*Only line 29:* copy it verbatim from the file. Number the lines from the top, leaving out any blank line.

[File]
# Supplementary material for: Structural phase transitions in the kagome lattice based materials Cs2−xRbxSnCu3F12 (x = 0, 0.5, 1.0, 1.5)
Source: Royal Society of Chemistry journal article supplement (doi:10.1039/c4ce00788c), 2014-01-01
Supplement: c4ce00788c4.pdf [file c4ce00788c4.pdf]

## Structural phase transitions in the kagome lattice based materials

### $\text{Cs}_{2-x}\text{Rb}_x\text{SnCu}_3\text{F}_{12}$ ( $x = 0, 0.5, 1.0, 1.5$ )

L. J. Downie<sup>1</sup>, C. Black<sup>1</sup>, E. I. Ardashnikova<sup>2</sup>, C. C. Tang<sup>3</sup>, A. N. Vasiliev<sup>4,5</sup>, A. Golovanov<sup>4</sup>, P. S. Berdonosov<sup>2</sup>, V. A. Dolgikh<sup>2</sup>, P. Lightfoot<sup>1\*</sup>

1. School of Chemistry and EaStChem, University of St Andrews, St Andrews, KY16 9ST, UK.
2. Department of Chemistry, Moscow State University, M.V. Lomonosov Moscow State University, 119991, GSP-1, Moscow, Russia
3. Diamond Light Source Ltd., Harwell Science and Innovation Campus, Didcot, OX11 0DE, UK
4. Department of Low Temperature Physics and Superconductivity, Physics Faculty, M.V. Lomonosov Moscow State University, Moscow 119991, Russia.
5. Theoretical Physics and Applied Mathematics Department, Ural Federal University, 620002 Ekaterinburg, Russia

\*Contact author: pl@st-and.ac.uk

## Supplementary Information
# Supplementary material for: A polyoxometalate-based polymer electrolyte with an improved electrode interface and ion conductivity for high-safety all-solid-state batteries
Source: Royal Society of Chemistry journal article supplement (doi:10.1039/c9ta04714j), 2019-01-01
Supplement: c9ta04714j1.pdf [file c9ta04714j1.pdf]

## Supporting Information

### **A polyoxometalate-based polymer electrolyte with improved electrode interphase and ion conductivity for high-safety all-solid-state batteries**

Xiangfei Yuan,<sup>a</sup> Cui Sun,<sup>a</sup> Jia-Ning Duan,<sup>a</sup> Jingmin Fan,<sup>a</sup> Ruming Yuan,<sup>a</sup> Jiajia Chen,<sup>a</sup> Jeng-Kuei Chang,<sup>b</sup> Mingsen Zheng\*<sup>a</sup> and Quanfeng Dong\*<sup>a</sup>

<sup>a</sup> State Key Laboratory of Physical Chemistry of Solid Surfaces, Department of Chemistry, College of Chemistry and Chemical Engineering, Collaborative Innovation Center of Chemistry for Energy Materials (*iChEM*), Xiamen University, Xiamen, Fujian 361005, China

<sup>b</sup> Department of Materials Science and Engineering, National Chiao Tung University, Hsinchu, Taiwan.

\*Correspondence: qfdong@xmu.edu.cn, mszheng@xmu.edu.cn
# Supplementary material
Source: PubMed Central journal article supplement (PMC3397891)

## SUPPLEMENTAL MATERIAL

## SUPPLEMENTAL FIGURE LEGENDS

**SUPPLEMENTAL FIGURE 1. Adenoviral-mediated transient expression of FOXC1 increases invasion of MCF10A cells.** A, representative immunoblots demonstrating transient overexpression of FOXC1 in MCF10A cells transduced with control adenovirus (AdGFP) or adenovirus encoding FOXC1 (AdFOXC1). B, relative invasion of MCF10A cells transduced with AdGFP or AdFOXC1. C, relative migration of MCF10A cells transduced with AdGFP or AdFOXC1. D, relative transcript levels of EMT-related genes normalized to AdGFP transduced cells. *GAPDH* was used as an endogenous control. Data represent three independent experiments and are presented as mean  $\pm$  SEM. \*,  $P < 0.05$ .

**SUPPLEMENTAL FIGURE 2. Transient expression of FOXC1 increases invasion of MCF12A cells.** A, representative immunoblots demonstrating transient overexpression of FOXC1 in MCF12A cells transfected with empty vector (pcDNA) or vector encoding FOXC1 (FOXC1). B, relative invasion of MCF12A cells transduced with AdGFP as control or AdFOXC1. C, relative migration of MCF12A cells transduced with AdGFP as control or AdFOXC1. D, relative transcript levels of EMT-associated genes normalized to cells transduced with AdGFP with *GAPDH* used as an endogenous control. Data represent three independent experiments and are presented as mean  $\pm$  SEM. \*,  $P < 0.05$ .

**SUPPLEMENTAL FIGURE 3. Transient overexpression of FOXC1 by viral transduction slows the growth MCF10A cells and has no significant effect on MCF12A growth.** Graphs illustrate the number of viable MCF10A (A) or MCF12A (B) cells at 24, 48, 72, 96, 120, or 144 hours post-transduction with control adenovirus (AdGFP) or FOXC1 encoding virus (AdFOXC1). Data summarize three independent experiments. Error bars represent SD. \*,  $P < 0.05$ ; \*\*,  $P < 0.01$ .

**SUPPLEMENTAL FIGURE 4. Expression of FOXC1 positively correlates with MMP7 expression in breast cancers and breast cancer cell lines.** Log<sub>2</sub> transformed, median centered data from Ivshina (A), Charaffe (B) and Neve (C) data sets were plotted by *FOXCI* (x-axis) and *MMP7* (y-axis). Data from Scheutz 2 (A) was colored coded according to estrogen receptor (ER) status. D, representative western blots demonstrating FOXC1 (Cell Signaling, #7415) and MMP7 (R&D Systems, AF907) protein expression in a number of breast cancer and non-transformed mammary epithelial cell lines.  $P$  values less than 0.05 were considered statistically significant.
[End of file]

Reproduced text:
**SUPPLEMENTAL FIGURE 3. Transient overexpression of FOXC1 by viral transduction slows the growth MCF10A cells and has no significant effect on MCF12A growth.** Graphs illustrate the number of viable MCF10A (A) or MCF12A (B) cells at 24, 48, 72, 96, 120, or 144 hours post-transduction with control adenovirus (AdGFP) or FOXC1 encoding virus (AdFOXC1). Data summarize three independent experiments. Error bars represent SD. \*,  $P < 0.05$ ; \*\*,  $P < 0.01$ .